Can you remember the last time you sat with your own thoughts and nothing else?

No TV on in the background, no phone at your fingertips, just you and your thoughts for more than a couple of seconds?

It can feel like a daunting premise for many, but the benefits you could experience from this simple habit might surprise you.

Mindfulness as a practice has become increasingly popular recently, but its roots in Eastern meditation traditions stem back over 3000 years. It is essentially the act of paying attention to the present moment; of noticing what is happening around you with an attitude of openness and curiosity.  Put simply, “you’re being mindful when your mind and body are in the same place” according to Psychologist & Clinical Registrar at The Mind Room, Lucy Morrish.

Although a simple concept, emerging research shows that the effects of practicing mindfulness can be incredibly powerful.

Dr Craig Hassed, Associate Professor at Monash University, states that practicing mindfulness may help us perform better academically, increase neuroplasticity, improve relapse rates of depression, ease food cravings, improve compassion, improve chronic pain, improve sleep quality and improve immunity.

To sum it up, mindfulness “may be the most important skill we ever learn.”

According to Lucy, this can have dramatic benefits for our quality of life, and even our relationships with others. This is because it allows us to be “a lot more present with those we interact with, to allow the other person to really be seen and heard.”

So how do you do it? How do you stop constantly doing and instead just be?

Lucy suggests it’s about starting small.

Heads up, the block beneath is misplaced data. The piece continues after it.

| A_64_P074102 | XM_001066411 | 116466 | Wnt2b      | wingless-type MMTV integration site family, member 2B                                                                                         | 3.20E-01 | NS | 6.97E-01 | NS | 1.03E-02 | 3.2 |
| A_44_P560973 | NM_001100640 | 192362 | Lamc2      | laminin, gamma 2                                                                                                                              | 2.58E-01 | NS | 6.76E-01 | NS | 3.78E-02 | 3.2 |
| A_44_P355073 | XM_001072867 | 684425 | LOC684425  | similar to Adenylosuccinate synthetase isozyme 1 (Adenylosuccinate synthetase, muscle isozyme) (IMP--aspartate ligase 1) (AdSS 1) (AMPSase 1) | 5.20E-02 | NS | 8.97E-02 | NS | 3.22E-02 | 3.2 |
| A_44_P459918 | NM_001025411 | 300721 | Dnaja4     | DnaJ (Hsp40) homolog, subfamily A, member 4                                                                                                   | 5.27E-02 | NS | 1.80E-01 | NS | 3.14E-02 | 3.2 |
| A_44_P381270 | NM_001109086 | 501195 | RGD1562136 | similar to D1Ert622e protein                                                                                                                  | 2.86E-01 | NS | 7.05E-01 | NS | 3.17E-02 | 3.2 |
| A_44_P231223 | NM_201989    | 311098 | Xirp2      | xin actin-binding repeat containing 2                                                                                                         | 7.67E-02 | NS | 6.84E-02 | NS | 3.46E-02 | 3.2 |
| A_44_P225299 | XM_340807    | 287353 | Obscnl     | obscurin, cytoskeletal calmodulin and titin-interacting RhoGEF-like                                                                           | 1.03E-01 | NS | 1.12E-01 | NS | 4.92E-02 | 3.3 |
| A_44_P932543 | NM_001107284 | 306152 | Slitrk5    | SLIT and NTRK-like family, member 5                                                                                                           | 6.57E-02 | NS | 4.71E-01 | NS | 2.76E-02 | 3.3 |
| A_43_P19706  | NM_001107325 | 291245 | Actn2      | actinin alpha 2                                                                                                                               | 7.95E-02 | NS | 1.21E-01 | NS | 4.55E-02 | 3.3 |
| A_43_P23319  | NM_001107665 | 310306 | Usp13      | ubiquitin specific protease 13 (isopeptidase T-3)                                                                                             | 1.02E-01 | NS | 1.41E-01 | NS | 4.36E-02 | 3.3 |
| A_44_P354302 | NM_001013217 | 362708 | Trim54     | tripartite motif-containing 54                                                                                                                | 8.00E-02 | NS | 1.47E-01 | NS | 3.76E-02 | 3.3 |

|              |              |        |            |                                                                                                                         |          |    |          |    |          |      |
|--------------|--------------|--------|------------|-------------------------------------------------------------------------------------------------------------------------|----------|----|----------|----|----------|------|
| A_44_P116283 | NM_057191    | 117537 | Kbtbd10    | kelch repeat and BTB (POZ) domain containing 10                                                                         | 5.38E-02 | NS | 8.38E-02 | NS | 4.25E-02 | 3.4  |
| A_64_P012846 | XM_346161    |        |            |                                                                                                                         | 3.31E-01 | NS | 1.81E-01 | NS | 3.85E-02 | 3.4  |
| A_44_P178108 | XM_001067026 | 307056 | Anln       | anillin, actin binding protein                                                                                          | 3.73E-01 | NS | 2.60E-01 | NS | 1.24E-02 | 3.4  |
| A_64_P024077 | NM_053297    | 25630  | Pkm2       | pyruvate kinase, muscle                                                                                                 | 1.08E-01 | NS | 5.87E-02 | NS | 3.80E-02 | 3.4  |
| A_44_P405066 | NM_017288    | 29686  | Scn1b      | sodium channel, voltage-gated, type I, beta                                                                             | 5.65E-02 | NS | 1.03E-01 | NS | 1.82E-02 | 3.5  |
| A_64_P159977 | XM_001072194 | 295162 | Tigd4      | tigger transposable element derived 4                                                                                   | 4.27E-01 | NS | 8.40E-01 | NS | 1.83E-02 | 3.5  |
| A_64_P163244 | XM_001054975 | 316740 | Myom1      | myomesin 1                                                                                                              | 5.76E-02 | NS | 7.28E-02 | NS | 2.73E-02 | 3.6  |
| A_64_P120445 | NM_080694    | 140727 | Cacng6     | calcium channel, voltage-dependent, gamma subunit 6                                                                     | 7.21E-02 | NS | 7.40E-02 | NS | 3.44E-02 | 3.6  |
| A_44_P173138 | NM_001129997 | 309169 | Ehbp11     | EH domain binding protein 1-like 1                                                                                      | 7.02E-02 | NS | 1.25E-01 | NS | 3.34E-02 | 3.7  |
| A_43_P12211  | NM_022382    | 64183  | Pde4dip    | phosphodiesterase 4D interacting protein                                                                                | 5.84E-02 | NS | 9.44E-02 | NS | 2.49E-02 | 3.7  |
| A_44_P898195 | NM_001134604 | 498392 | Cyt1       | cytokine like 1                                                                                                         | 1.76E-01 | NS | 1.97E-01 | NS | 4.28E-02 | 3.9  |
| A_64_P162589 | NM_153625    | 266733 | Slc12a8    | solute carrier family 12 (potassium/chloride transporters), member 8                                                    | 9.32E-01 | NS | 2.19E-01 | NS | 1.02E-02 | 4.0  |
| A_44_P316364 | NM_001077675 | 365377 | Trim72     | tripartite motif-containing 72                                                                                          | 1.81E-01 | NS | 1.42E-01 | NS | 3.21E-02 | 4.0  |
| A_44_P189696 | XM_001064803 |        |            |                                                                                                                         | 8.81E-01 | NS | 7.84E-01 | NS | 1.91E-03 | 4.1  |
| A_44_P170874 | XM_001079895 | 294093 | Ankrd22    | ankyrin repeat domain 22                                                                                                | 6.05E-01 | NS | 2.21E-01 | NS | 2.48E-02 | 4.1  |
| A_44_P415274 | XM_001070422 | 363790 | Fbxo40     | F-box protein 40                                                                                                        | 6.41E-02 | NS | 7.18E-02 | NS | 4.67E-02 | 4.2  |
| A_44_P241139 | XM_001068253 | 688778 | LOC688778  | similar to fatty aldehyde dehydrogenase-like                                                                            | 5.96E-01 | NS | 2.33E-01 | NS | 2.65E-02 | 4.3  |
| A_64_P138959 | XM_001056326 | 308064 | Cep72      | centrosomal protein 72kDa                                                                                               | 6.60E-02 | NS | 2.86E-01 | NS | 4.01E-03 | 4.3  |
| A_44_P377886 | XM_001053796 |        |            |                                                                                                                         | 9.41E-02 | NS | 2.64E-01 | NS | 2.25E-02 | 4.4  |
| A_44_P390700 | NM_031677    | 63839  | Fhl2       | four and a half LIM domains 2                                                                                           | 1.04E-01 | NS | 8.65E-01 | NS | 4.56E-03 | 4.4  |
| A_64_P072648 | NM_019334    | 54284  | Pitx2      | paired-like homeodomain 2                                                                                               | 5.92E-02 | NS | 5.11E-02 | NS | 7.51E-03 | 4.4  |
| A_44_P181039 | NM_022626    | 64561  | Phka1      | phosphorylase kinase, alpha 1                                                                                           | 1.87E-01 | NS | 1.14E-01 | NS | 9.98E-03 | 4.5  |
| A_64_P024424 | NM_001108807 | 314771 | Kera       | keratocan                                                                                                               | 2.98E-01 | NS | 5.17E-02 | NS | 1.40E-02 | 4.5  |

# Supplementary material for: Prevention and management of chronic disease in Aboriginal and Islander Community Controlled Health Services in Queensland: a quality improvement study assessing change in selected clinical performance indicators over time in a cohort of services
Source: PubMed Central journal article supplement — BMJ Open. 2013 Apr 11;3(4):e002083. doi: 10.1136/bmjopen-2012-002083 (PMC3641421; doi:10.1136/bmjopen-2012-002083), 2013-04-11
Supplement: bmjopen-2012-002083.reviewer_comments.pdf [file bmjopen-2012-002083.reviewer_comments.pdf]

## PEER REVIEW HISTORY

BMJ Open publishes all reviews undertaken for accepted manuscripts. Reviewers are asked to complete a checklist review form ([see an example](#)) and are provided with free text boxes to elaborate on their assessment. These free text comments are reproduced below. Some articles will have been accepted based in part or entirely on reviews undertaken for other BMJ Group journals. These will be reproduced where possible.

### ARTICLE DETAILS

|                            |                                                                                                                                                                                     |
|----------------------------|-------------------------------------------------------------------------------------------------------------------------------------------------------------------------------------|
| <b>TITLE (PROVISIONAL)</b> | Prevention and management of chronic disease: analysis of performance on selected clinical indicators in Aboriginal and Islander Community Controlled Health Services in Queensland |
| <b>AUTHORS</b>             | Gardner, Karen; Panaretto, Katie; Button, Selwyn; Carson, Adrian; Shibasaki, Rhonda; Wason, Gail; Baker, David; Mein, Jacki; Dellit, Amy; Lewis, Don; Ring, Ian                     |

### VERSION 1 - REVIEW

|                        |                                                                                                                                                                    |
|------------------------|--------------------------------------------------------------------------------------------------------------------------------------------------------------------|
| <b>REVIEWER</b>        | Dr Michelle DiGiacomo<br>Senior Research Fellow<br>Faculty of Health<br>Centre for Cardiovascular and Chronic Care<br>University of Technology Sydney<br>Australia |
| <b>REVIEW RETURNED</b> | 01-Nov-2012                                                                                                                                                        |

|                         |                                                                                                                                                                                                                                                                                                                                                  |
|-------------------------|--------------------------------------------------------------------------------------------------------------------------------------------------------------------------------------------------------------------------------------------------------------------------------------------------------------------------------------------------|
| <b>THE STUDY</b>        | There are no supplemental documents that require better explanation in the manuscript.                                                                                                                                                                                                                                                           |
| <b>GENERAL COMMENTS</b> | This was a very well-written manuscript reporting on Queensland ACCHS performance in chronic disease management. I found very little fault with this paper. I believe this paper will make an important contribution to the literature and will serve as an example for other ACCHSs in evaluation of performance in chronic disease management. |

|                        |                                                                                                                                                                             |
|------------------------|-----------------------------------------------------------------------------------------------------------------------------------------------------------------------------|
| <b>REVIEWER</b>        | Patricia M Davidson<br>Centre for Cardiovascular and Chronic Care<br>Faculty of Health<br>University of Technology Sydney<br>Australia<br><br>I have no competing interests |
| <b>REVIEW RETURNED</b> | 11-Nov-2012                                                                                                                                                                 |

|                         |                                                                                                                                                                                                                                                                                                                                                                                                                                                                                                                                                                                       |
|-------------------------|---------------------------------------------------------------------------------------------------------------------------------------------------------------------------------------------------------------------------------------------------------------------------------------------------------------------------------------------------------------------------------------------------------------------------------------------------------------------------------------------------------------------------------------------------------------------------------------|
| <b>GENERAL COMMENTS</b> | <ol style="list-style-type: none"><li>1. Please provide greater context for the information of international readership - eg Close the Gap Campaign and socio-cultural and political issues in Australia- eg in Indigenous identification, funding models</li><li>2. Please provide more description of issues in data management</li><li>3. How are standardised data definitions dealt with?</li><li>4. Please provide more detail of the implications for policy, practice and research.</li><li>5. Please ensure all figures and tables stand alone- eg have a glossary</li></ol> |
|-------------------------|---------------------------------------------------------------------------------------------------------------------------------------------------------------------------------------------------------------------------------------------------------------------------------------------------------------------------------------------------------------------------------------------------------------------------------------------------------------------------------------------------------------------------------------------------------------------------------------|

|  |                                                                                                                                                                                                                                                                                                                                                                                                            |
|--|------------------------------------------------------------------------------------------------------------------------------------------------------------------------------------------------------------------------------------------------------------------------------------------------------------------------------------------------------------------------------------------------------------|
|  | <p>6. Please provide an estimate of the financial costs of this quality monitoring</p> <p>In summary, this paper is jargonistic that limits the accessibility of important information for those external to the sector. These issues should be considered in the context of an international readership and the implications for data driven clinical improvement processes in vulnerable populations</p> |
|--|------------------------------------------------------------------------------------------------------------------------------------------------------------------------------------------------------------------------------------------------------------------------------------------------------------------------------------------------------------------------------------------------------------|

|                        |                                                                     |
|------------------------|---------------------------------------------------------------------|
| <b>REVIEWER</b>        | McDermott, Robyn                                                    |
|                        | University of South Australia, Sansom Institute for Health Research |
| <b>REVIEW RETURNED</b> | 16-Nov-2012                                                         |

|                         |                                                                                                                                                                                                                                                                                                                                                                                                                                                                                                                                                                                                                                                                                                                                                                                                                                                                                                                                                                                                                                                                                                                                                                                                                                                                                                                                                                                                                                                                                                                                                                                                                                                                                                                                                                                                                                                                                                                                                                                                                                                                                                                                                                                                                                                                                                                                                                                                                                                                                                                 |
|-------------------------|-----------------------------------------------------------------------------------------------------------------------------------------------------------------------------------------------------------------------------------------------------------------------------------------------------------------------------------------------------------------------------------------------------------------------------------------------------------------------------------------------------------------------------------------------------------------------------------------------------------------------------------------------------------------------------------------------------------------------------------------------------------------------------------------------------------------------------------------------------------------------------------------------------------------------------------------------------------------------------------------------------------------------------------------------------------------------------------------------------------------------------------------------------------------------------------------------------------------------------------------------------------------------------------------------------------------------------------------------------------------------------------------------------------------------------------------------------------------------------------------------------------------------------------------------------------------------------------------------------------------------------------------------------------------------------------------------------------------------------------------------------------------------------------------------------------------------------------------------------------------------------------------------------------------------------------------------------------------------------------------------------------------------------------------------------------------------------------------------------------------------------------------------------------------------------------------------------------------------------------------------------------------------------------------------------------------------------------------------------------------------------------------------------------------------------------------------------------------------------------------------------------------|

“Stopping what you’re doing and spending a minute or two to just tune in to the five senses can be a great starting point. Stop, take a couple of deep breaths, and just notice -  what can I see, what can I smell, what can I taste, what can I hear, at can I touch? That’s a really good way of connecting us to the now and taking in what’s around you.”

You can incorporate this at various times throughout your day, such as over your morning coffee, on your lunch break or when you go to bed.

Fortunately, Lucy emphasised that you don’t need to be doing this for hours on end, but incorporating just five minutes a day “can be a starting point to create more mental space in your day.”

The important thing to remember is that mindfulness is not about stopping your thoughts entirely though. Rather, as Lucy reminds us, “It’s just about becoming more familiar with what’s going on in your mind as well as what’s going on around you.”

It’s a way of slowing down, paying attention, and getting more out of the moment.

To learn how to put these tips into action, book into our Urban Mindfulness workshop with Lucy Morrish. In this workshop, you’ll learn how to focus your attention on the present moment, how to practice mindfulness using meditation, and how to practice mindfulness in everyday activities.